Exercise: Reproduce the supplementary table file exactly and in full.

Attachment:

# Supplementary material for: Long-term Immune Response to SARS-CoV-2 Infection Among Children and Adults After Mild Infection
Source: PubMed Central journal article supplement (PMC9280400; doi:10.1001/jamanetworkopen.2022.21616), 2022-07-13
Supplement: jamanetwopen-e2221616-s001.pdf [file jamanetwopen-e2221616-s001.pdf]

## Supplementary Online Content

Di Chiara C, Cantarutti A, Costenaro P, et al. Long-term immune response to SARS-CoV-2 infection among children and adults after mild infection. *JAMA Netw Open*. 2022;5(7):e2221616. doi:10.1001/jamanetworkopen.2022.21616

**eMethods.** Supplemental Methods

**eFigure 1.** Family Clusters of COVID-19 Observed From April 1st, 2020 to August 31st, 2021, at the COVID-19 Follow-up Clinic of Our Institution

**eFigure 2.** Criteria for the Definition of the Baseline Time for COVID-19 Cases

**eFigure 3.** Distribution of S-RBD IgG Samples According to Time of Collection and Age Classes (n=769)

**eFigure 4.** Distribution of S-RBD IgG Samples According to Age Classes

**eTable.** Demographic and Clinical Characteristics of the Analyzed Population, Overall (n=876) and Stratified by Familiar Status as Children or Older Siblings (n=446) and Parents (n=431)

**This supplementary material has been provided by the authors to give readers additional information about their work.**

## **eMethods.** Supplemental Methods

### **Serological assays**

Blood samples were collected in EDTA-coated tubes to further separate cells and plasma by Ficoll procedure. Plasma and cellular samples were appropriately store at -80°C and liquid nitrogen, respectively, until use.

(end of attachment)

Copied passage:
# Supplementary material for: Long-term Immune Response to SARS-CoV-2 Infection Among Children and Adults After Mild Infection
Source: PubMed Central journal article supplement (PMC9280400; doi:10.1001/jamanetworkopen.2022.21616), 2022-07-13
Supplement: jamanetwopen-e2221616-s001.pdf [file jamanetwopen-e2221616-s001.pdf]

## Supplementary Online Content

Di Chiara C, Cantarutti A, Costenaro P, et al. Long-term immune response to SARS-CoV-2 infection among children and adults after mild infection. *JAMA Netw Open*. 2022;5(7):e2221616. doi:10.1001/jamanetworkopen.2022.21616

**eMethods.** Supplemental Methods

**eFigure 1.** Family Clusters of COVID-19 Observed From April 1st, 2020 to August 31st, 2021, at the COVID-19 Follow-up Clinic of Our Institution

**eFigure 2.** Criteria for the Definition of the Baseline Time for COVID-19 Cases

**eFigure 3.** Distribution of S-RBD IgG Samples According to Time of Collection and Age Classes (n=769)

**eFigure 4.** Distribution of S-RBD IgG Samples According to Age Classes

**eTable.** Demographic and Clinical Characteristics of the Analyzed Population, Overall (n=876) and Stratified by Familiar Status as Children or Older Siblings (n=446) and Parents (n=431)

**This supplementary material has been provided by the authors to give readers additional information about their work.**

## **eMethods.** Supplemental Methods

### **Serological assays**

Blood samples were collected in EDTA-coated tubes to further separate cells and plasma by Ficoll procedure. Plasma and cellular samples were appropriately store at -80°C and liquid nitrogen, respectively, until use.